At board level, diverse perspectives can lead to better-informed decisions and more effective decision-making that ultimately affect a firm’s bottom line.
Women now account for 19 per cent of FTSE 100 and 15 per cent of FTSE 250 board positions, according to a report from Cranfield School of Management, published earlier this month. While those numbers show that companies are doing a lot of work to make change happen and this is bourne out by my discussions with senior executives in the industry, there are still important cultural and diversity issues that must be addressed.
We must continue to examine and challenge the drivers of change and the factors that make a big difference, including succession planning, unconscious barriers and pipeline development. Reflecting the positive changes brought about in the adviser world by CPD, it is timely to encourage the same practices at board level, encouraging the basic tenets of demonstrated competence, identified knowledge gaps (and how to rectify them) and proving ongoing competence, which is certainly best practice evidenced in some of the companies.
In 2010, Lord Davies of Abersoch was commissioned to find out what was preventing women becoming board members and to develop a strategy to increase the number of women on the boards of listed companies. The original report recommended that the UK should have 25 per cent women on FTSE 100 boards by 2015. This year, the necessity to apply “good practice” was re-iterated by Lord Davies in an update encouraging firms’ senior management to publicise how many women are expected to fill the company’s senior management roles by 2015.
However, the issue is about more than just numbers. While numbers can show the progress we are making, we can also consider what factors are positively assisting or negatively hindering progression. The reasons for the slow progression of talented women through the succession pipeline remain unclear. Whether women are simply not inclined to pursue upper management roles or whether they are not being developed, selected and progressed is uncertain. We can also ask why the majority of women appointed to board roles are predominantly those who have previously held a similar position.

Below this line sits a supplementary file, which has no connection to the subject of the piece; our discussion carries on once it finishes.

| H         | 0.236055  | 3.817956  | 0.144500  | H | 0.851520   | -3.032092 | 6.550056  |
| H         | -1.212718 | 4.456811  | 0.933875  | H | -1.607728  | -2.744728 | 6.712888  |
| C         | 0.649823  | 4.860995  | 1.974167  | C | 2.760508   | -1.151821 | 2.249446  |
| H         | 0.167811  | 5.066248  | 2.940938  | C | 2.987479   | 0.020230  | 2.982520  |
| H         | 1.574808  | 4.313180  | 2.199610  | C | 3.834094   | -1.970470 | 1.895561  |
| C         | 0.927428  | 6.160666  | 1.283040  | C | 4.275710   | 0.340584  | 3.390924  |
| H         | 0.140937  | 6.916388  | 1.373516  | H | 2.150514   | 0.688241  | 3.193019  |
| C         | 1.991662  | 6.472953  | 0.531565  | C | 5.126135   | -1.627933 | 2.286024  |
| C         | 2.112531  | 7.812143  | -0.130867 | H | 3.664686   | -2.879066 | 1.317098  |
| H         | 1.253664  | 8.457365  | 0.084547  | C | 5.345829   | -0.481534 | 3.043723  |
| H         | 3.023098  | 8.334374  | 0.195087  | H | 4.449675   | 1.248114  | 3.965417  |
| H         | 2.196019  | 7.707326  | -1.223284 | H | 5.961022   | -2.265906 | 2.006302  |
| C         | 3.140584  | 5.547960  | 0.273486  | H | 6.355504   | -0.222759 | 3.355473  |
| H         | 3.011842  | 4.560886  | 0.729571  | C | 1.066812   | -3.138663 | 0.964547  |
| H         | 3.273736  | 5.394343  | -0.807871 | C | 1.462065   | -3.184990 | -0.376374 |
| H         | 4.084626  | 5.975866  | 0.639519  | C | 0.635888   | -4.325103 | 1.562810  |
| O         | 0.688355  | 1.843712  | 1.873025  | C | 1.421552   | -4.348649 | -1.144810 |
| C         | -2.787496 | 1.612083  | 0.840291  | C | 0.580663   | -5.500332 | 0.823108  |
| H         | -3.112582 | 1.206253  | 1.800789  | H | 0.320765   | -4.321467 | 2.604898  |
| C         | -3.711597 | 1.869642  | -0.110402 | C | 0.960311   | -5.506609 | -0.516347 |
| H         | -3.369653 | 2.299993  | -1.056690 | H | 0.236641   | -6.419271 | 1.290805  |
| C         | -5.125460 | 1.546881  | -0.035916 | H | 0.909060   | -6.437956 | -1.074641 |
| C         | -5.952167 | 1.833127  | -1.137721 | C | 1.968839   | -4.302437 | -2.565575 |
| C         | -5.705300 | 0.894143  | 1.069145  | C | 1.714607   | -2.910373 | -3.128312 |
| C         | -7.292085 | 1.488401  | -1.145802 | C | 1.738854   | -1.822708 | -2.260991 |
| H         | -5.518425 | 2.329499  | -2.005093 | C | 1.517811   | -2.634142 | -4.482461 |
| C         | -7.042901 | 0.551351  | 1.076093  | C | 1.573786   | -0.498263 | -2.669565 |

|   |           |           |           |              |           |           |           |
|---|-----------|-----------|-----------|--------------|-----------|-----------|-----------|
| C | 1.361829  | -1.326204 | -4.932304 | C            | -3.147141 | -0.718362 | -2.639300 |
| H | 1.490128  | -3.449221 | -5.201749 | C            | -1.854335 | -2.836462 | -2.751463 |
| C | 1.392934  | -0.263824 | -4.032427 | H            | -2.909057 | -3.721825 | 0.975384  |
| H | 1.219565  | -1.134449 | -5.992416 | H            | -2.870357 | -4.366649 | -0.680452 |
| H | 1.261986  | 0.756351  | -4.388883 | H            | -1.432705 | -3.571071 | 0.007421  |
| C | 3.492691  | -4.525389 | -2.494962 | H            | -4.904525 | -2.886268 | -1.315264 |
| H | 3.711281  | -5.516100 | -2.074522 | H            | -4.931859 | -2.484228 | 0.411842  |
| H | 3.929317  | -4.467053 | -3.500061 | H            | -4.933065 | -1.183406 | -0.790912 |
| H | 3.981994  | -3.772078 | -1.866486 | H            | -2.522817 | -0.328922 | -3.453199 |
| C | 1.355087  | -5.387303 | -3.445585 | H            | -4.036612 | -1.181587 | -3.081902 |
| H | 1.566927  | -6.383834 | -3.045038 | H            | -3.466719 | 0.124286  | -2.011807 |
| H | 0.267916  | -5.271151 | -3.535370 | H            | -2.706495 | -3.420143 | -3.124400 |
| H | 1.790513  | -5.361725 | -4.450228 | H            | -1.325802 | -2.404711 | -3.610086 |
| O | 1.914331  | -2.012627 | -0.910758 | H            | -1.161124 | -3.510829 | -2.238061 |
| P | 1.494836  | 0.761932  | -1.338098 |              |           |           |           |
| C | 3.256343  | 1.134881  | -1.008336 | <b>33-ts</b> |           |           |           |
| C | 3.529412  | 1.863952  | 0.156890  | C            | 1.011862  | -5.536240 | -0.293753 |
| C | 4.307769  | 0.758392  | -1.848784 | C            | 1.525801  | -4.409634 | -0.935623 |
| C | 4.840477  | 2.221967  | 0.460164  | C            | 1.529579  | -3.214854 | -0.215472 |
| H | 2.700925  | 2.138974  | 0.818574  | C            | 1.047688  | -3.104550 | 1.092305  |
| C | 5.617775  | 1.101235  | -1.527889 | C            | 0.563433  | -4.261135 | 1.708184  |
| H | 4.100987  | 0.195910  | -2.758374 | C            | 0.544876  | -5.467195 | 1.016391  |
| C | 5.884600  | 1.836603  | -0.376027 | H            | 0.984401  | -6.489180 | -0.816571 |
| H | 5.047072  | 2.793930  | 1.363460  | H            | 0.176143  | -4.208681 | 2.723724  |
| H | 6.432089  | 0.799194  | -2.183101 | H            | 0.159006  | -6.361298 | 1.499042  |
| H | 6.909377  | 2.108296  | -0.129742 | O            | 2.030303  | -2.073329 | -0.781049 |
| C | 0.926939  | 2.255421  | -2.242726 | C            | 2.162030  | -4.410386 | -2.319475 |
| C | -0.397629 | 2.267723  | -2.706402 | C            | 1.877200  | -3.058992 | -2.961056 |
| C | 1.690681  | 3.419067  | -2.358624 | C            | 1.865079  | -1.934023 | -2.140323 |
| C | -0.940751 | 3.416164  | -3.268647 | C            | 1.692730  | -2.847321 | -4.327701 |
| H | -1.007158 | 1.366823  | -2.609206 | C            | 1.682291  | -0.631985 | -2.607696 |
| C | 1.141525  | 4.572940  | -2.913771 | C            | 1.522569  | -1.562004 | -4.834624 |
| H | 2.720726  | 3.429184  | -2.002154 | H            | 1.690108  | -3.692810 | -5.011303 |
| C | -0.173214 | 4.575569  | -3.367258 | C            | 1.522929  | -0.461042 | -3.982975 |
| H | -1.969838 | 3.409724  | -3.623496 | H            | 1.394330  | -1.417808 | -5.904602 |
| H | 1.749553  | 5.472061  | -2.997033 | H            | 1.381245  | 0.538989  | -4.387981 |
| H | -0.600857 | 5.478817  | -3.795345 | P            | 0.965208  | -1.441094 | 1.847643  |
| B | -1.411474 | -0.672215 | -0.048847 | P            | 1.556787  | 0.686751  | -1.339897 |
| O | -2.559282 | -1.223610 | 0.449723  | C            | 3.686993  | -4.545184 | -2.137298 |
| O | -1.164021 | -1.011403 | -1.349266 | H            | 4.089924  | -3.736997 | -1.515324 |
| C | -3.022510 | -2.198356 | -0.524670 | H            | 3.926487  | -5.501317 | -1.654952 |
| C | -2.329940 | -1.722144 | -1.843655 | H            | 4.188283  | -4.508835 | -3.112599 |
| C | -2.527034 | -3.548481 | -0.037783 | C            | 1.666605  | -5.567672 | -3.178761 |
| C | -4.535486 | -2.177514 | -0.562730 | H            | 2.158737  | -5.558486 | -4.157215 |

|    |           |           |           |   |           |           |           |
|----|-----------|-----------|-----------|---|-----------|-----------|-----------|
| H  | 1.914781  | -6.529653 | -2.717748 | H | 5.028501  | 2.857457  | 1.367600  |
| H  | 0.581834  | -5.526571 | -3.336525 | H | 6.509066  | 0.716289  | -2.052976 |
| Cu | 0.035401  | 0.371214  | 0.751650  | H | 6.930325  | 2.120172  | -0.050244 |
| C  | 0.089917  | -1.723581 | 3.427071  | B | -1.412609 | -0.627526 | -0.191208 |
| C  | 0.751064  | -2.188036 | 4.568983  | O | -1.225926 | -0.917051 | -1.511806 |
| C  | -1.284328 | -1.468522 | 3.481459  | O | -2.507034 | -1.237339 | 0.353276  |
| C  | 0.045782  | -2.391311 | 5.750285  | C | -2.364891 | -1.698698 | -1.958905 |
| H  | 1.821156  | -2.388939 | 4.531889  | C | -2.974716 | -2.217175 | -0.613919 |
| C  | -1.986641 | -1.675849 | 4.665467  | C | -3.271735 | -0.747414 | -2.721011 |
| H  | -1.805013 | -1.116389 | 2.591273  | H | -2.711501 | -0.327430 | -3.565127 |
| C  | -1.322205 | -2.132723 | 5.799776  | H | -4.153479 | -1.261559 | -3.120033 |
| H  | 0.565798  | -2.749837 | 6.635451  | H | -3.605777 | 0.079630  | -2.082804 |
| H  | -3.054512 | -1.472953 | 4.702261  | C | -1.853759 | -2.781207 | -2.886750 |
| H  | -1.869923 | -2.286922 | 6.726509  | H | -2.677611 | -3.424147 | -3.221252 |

Leadership 21st Century is an FLSP initiative created in response to the key challenges expressed by the industry. It supports the sector’s need to rebuild public confidence through providing best practice statements along with practical tools and solutions. Although the initiative is not directly about gender diversity, if the recommended good practices were applied, then action might help remove many of the barriers that are clearly still evident in developing, promoting and appointing women for board roles.
L21C provides examples of good practice to enhance board effectiveness and includes key elements such as board culture and composition. It encourages gender diversity by urging firms to recruit to fill gaps based on a defined competence framework for board and executive committee roles.
Every firm in the FTSE 350 will receive personal copies of the industry-driven set of statements of good practice.
It was also developed with input from the FCA, the Financial Reporting Council and the Association of British Insurers and the British Bankers’ Association.
Business models and governance models are based on good practice, including measurable objectives for policy implementation, and tracked progress towards the desired outcomes. By creating these guidelines and tools, firms will be helped to implement good practices, evaluate current performance and provide clear evidence that they are transforming their businesses.
Good practices applied at board level will encourage women to feel an equal level of expectation as their male colleagues and thereby consider board-level appointments as part of their career path. Ultimately, companies may yet attain that 25 per cent of women board members by 2015.
By positively addressing cultural and diversity issues, companies can build a long-term legacy of better-informed, effective decision making at board level, thus assuring the financial services sector’s ability to compete and succeed in a rapidly changing world.
Liz Field is chief executive at the Financial & Legal Skills Partnership